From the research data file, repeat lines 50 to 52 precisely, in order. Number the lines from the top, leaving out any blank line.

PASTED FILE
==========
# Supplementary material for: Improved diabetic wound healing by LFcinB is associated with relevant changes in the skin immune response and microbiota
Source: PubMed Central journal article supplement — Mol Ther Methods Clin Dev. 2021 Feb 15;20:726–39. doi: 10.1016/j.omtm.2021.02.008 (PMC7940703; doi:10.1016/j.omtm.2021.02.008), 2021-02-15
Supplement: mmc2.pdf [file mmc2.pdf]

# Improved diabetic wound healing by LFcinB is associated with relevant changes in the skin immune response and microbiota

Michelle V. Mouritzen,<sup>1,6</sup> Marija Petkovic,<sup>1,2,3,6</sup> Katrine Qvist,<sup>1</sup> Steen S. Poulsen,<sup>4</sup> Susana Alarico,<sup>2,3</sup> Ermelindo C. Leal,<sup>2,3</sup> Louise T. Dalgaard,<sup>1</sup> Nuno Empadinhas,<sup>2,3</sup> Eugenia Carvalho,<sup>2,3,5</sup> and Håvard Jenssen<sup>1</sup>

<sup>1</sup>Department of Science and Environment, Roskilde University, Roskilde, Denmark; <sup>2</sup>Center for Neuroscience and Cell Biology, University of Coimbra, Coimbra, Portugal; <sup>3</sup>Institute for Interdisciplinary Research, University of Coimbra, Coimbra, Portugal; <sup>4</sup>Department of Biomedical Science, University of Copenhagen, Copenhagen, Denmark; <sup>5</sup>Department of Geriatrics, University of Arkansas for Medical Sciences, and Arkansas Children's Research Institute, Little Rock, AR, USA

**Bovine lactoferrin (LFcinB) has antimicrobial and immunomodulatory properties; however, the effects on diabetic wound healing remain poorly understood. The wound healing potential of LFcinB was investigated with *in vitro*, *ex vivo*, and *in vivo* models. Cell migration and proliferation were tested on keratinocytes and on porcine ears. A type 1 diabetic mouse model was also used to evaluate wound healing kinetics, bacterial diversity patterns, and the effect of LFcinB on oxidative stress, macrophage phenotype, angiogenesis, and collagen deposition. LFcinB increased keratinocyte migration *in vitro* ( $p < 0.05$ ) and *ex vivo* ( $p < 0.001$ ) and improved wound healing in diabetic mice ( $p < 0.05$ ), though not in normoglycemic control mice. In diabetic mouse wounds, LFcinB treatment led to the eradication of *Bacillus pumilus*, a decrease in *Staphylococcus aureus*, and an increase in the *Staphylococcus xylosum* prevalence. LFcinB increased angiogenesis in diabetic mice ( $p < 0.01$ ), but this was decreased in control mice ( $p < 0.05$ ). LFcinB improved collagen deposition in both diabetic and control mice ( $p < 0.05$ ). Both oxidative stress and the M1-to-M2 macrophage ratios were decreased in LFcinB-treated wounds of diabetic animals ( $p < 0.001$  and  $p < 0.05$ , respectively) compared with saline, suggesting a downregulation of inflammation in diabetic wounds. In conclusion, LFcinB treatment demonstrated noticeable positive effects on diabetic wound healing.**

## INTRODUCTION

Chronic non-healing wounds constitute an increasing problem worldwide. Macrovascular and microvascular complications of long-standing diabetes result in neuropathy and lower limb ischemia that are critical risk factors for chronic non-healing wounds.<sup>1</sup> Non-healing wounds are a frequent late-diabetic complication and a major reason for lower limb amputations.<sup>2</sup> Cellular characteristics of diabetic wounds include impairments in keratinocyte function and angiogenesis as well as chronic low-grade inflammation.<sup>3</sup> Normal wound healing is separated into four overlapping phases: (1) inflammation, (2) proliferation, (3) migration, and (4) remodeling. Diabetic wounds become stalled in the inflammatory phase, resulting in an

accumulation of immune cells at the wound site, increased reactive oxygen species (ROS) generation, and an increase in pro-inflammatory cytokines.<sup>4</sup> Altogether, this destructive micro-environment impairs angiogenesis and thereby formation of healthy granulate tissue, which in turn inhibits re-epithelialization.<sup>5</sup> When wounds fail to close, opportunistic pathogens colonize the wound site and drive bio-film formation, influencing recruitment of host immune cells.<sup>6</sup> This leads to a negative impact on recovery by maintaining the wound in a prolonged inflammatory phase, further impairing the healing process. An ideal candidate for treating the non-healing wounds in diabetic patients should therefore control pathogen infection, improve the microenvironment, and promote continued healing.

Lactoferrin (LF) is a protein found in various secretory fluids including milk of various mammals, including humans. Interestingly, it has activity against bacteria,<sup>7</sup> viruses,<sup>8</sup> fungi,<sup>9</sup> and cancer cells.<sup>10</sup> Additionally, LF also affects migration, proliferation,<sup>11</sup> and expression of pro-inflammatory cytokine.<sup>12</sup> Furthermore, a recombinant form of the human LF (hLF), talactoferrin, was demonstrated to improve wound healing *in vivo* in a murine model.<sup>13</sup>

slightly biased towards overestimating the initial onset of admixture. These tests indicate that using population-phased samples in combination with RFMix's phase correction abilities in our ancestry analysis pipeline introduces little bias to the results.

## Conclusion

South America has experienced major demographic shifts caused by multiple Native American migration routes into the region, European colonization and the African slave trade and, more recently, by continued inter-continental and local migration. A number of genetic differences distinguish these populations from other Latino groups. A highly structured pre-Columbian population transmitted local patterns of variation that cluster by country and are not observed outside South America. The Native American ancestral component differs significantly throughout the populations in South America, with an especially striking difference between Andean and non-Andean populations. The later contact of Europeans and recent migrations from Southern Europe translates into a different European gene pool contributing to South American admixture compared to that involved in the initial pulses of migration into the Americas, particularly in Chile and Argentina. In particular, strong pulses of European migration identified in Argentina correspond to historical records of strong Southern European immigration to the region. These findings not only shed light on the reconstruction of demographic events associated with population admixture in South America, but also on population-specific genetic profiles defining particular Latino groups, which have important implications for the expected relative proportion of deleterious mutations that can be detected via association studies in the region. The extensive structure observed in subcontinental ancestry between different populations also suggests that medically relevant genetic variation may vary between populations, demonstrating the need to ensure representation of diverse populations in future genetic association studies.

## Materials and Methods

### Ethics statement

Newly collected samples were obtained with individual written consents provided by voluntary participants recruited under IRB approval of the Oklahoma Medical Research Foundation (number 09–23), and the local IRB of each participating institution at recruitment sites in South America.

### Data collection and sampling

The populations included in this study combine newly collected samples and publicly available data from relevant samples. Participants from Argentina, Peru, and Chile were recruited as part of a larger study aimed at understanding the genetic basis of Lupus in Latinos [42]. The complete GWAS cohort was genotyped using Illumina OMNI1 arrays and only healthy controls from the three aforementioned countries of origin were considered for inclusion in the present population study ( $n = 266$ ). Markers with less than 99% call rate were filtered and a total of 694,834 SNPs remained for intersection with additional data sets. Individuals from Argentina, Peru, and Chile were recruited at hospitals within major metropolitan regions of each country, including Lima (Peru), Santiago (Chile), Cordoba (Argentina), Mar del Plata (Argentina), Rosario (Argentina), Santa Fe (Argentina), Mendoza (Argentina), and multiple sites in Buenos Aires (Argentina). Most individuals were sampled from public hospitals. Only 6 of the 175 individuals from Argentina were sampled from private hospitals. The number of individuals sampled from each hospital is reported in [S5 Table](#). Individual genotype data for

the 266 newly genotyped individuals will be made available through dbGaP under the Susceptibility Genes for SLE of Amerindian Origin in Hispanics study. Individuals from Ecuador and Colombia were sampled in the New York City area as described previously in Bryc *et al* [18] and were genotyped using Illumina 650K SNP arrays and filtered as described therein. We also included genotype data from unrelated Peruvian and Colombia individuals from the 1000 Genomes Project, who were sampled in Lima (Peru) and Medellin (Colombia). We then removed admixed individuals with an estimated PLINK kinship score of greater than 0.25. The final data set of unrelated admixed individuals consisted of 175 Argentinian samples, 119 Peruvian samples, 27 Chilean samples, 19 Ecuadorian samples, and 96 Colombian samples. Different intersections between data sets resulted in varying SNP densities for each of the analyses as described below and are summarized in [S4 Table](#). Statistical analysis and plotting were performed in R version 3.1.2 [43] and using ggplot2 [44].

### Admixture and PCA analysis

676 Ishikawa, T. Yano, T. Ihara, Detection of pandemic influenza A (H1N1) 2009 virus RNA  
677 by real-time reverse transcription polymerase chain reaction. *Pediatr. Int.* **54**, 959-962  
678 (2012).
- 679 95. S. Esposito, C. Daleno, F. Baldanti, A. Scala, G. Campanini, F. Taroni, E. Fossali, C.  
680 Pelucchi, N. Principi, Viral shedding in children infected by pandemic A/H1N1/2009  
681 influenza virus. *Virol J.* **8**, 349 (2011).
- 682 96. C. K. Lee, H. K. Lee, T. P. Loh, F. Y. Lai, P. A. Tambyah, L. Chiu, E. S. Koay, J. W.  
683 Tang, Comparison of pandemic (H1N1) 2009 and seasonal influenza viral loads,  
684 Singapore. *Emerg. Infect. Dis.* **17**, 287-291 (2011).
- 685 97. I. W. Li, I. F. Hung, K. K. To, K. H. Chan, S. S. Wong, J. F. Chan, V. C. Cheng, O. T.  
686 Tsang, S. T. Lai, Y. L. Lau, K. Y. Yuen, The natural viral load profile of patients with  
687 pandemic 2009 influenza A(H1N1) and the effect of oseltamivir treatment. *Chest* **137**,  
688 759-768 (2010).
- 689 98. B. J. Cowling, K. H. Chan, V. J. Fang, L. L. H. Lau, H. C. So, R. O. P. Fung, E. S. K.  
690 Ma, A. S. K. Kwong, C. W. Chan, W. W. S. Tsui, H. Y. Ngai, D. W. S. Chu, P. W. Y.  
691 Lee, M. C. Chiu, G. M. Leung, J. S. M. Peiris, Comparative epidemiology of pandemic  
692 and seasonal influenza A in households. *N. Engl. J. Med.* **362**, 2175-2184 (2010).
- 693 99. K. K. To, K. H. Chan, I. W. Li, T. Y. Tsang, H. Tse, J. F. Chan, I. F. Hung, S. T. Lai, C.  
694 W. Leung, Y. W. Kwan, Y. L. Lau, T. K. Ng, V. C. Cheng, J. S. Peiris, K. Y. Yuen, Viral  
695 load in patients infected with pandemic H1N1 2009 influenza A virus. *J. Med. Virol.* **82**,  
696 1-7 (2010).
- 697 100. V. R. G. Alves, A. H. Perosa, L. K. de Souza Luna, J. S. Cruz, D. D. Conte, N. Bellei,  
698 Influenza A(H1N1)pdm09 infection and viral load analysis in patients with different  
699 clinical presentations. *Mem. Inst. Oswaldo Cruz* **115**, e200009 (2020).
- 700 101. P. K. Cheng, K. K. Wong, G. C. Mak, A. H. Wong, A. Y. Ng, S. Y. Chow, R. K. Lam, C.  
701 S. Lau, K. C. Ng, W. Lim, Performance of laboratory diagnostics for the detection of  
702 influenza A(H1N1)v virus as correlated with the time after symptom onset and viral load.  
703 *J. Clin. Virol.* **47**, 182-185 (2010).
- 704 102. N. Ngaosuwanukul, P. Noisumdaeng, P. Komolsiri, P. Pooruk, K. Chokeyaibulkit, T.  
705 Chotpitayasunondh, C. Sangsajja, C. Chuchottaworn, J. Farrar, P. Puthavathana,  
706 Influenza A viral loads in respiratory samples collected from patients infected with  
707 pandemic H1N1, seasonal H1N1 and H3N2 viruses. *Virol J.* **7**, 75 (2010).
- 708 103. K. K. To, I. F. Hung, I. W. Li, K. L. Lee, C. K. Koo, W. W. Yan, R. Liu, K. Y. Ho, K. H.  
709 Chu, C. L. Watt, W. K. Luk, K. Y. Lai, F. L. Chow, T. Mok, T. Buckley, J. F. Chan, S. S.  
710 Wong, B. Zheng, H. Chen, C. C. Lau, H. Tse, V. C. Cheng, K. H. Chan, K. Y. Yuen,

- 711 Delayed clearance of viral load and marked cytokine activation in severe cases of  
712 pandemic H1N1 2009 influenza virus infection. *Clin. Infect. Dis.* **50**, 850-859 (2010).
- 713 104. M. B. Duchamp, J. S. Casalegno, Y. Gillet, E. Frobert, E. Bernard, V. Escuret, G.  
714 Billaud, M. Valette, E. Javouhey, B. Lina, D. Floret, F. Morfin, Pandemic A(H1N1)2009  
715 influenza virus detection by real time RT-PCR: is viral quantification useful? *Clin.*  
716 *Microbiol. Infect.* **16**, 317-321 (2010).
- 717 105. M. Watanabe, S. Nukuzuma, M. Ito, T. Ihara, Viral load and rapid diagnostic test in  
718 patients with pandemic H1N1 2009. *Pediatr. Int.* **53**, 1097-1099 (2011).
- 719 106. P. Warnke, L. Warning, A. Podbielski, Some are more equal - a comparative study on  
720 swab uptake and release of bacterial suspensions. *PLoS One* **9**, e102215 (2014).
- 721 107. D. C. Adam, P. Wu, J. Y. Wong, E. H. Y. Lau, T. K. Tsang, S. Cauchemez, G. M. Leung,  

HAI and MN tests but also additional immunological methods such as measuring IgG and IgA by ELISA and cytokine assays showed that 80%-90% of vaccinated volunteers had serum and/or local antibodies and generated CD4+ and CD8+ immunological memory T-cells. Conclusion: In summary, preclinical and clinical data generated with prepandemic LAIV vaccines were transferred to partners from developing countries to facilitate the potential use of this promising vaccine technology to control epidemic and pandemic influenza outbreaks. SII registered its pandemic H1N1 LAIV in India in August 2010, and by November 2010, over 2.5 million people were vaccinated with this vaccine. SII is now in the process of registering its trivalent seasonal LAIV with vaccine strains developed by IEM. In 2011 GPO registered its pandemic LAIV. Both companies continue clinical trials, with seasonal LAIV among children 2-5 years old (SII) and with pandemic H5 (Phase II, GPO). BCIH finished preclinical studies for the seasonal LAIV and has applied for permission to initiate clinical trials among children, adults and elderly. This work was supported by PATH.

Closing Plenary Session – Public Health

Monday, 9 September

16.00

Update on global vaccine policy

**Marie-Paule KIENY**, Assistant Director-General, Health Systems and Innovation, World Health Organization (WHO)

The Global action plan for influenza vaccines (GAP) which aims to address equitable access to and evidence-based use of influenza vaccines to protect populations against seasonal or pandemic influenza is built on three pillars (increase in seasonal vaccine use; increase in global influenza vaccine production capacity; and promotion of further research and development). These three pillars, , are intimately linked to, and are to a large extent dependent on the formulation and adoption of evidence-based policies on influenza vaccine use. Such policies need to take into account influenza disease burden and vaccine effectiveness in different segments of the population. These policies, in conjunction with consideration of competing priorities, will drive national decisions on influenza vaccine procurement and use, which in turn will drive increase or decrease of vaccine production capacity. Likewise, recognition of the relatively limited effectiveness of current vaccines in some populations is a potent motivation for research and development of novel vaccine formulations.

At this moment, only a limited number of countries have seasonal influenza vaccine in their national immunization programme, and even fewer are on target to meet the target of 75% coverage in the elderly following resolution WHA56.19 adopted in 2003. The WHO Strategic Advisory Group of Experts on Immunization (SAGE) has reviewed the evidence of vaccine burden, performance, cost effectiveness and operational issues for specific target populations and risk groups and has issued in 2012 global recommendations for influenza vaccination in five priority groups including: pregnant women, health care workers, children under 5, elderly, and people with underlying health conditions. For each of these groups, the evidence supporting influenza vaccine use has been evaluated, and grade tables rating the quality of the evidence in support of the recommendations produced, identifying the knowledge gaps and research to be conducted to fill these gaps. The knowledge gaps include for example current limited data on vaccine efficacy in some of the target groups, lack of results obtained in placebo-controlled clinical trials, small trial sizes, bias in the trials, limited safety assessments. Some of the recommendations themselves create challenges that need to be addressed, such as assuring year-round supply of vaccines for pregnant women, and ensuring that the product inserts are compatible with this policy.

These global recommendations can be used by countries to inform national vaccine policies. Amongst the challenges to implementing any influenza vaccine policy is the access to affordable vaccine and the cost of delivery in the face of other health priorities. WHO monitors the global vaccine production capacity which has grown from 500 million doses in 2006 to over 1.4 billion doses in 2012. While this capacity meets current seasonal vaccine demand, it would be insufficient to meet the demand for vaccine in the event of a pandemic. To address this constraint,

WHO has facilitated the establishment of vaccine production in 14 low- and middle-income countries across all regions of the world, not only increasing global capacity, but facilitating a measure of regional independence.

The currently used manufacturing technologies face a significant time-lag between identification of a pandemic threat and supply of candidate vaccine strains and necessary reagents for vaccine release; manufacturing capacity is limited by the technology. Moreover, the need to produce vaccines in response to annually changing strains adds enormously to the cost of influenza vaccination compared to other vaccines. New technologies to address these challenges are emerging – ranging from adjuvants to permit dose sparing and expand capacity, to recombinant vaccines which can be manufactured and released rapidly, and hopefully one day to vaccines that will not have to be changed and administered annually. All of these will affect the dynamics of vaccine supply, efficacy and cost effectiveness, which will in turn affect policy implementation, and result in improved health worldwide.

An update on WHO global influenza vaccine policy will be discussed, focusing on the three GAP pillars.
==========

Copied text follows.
- 704 102. N. Ngaosuwanukul, P. Noisumdaeng, P. Komolsiri, P. Pooruk, K. Chokeyaibulkit, T.  
705 Chotpitayasunondh, C. Sangsajja, C. Chuchottaworn, J. Farrar, P. Puthavathana,  
706 Influenza A viral loads in respiratory samples collected from patients infected with  